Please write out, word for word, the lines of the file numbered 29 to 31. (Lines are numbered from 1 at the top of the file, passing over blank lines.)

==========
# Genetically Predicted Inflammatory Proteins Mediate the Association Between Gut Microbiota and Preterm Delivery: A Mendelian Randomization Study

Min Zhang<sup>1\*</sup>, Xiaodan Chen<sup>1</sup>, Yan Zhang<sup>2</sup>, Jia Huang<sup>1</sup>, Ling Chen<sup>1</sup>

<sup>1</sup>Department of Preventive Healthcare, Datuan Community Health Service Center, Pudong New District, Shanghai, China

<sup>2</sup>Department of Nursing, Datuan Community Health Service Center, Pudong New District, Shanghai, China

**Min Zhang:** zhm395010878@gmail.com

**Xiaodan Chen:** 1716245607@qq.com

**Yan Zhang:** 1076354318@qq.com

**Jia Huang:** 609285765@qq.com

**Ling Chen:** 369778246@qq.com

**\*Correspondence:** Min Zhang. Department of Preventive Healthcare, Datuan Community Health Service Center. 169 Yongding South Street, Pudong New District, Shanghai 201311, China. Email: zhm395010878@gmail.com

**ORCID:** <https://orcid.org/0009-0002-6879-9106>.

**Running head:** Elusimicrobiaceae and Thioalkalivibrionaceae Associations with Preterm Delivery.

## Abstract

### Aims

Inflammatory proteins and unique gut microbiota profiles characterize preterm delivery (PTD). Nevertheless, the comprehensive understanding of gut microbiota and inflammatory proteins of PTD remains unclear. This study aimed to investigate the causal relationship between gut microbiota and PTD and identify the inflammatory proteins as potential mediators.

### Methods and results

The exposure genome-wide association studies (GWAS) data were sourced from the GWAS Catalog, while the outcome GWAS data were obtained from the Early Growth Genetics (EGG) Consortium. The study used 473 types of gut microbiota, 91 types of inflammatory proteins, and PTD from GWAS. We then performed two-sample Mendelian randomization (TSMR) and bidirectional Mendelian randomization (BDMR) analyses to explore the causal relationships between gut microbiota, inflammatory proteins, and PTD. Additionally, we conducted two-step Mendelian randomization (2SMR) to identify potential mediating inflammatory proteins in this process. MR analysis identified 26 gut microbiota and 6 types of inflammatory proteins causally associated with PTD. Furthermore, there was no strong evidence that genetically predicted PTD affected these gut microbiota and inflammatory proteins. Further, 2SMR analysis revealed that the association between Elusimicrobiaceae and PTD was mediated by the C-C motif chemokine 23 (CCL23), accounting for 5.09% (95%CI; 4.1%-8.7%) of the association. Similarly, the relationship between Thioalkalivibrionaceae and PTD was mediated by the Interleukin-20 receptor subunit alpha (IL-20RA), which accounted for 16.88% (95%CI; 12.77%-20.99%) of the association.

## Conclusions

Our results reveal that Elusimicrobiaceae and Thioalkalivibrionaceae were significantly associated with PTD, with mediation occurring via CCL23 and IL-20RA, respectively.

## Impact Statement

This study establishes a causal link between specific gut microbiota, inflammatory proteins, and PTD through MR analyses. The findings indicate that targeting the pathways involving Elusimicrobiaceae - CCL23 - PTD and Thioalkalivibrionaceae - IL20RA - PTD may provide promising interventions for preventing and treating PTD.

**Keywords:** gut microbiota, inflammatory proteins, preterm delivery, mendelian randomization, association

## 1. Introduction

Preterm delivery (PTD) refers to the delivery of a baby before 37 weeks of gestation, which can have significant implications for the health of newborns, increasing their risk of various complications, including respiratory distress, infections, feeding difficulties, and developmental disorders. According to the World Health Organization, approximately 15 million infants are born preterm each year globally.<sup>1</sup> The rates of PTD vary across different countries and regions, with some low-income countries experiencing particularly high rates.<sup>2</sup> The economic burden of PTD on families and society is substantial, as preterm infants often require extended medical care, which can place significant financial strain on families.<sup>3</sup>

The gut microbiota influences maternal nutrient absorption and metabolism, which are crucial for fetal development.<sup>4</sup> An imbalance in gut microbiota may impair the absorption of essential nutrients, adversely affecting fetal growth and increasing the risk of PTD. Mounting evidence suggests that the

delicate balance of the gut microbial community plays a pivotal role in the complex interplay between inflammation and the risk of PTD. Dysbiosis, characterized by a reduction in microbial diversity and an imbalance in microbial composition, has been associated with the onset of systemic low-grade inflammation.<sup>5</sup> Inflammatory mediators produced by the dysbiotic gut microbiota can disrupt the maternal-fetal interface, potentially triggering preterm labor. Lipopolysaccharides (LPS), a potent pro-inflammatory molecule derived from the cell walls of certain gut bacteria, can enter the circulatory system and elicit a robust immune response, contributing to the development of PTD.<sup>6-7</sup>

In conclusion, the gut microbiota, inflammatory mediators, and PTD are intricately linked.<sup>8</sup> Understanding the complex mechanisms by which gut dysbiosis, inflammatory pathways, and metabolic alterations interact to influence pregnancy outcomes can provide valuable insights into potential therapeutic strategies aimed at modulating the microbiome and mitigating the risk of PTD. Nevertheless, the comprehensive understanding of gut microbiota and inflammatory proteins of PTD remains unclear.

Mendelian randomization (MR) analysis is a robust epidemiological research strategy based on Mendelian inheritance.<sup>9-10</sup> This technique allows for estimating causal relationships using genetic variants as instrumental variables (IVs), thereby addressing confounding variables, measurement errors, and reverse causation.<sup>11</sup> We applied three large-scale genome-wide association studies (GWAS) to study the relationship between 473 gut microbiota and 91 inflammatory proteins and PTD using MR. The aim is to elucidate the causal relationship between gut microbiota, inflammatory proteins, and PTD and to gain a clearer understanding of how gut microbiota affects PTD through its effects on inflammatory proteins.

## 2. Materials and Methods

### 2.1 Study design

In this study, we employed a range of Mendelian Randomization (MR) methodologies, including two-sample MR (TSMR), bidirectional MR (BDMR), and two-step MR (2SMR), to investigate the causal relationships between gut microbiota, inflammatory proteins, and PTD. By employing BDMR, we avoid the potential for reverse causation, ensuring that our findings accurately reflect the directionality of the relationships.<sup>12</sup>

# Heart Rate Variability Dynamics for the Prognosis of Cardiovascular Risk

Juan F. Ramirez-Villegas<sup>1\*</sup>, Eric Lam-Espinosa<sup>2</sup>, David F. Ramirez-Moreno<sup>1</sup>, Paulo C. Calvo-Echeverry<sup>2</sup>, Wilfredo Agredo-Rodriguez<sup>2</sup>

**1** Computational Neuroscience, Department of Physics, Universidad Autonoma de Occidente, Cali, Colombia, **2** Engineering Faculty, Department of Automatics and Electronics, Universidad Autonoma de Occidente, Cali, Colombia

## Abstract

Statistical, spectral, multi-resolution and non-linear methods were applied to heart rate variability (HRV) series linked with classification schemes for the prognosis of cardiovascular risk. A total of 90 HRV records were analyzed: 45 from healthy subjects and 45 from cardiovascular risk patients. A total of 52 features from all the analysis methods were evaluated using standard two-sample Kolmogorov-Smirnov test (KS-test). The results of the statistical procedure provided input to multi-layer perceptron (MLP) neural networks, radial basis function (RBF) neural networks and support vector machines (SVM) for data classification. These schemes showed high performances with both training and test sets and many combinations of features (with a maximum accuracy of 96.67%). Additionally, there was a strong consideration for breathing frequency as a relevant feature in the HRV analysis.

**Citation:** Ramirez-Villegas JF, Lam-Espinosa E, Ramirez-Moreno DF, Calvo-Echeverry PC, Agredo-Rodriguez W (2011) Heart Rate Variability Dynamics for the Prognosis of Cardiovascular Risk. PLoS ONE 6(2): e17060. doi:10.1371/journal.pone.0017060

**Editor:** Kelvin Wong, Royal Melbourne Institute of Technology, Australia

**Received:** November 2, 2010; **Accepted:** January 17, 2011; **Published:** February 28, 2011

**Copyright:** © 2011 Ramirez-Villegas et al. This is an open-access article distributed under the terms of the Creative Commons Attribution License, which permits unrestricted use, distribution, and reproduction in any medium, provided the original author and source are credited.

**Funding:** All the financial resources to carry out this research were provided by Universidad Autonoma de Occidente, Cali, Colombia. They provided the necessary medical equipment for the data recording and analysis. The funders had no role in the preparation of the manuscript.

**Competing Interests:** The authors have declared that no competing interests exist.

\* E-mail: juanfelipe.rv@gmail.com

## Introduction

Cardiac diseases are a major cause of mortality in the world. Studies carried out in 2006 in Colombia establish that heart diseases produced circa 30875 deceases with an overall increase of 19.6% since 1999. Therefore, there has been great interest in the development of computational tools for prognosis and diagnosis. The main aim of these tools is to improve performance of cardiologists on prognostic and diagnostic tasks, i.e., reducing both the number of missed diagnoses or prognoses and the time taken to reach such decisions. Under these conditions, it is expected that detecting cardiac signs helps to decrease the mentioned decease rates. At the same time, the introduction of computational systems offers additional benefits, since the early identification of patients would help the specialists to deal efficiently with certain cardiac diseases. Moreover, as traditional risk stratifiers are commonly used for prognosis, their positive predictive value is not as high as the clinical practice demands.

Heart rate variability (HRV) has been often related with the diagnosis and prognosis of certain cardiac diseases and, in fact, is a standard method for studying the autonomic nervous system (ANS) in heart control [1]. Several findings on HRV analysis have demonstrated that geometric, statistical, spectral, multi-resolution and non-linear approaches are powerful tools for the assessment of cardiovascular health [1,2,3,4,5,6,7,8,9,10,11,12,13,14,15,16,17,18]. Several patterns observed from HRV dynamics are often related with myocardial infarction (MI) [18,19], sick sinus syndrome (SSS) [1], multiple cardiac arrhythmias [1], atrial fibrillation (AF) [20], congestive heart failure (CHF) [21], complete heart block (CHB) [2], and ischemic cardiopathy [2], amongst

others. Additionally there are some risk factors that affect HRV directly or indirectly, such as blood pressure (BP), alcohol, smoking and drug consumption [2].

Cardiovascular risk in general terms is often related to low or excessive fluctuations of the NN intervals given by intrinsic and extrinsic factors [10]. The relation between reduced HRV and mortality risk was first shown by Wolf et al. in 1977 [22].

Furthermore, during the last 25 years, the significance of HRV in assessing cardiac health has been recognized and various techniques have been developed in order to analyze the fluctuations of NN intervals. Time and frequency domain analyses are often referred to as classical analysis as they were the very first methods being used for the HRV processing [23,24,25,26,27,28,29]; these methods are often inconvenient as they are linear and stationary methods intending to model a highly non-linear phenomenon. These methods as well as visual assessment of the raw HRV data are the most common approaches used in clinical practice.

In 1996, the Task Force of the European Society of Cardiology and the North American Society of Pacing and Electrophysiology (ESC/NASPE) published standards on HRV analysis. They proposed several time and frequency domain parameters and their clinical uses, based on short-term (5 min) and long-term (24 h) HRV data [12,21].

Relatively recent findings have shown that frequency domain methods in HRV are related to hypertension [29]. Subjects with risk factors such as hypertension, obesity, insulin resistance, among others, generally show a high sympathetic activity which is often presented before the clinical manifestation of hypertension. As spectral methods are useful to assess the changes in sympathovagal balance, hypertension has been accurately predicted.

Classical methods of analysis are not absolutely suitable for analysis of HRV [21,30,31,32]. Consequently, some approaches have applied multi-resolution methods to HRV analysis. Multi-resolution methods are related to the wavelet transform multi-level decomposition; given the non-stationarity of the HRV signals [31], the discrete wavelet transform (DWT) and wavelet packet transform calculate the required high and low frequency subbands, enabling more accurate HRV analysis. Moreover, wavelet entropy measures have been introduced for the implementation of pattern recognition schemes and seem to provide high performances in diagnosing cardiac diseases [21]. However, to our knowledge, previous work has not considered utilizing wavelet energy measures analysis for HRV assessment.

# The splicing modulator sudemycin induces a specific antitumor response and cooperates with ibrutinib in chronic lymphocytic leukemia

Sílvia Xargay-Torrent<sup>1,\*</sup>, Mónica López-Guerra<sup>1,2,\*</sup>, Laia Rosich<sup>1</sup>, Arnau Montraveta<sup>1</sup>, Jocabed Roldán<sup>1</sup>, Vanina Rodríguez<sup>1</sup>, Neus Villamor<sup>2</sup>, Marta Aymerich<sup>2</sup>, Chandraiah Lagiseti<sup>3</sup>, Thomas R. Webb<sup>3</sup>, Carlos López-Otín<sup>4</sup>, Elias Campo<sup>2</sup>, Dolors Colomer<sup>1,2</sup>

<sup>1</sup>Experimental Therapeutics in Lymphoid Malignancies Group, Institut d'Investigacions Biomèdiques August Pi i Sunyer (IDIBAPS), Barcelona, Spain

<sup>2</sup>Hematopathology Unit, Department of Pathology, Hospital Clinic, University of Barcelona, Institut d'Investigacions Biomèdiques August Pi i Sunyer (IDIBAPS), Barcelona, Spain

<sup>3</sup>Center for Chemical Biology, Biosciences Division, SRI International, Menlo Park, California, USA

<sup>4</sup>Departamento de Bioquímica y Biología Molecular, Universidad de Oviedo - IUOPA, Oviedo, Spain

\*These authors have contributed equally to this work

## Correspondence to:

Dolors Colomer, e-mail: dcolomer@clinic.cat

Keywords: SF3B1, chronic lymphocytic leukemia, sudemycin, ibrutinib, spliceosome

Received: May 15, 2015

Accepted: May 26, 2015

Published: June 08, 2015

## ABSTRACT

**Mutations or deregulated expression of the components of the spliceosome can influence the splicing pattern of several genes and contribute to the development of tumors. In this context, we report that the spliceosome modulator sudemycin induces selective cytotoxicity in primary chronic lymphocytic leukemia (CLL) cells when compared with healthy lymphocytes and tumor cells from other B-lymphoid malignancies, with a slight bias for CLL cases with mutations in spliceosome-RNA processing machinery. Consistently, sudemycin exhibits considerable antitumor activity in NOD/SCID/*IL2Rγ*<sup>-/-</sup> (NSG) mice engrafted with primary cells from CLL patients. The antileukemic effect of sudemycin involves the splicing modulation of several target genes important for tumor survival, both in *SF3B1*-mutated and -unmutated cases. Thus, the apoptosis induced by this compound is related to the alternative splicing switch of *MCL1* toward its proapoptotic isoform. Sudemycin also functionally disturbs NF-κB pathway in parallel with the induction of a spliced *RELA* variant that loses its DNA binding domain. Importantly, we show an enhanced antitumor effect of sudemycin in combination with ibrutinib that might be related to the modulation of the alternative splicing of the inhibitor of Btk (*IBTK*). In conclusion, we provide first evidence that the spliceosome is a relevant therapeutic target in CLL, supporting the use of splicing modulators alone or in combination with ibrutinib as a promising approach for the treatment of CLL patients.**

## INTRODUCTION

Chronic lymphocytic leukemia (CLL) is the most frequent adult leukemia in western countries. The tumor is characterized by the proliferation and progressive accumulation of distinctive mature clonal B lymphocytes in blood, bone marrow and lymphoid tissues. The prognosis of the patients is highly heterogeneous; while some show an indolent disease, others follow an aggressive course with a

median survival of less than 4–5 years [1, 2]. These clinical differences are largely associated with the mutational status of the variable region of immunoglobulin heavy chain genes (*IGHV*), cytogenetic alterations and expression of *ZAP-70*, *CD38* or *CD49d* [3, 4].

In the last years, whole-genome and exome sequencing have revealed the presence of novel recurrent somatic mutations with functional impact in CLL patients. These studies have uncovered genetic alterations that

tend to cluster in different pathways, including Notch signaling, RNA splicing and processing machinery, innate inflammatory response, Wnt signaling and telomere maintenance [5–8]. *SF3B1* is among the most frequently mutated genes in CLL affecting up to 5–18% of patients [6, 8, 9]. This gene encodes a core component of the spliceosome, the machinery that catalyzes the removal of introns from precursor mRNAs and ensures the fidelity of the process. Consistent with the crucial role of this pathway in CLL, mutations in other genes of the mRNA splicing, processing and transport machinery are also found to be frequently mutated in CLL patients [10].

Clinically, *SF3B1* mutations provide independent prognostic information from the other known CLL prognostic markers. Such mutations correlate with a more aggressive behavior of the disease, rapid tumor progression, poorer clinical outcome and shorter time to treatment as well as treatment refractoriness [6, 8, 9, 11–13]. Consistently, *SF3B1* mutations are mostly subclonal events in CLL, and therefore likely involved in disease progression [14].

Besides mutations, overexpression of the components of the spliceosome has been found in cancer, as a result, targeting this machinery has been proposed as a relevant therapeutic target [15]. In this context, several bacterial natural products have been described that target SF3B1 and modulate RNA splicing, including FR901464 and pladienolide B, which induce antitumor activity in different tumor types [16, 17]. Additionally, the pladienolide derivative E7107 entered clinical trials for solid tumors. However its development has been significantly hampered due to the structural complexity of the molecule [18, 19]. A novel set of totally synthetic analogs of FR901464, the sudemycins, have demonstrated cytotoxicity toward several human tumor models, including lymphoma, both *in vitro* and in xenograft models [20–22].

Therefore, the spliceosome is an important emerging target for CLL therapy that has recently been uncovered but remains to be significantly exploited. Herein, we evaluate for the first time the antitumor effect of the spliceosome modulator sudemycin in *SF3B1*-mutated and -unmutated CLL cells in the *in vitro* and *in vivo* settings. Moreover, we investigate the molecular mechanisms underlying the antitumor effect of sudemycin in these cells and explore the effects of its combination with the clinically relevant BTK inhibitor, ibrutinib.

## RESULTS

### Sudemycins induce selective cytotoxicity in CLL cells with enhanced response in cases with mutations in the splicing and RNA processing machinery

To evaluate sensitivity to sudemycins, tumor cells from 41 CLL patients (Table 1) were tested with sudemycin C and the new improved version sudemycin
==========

## 2. Materials and Methods

### 2.1 Study design

In this study, we employed a range of Mendelian Randomization (MR) methodologies, including two-sample MR (TSMR), bidirectional MR (BDMR), and two-step MR (2SMR), to investigate the causal relationships between gut microbiota, inflammatory proteins, and PTD. By employing BDMR, we avoid the potential for reverse causation, ensuring that our findings accurately reflect the directionality of the relationships.<sup>12</sup>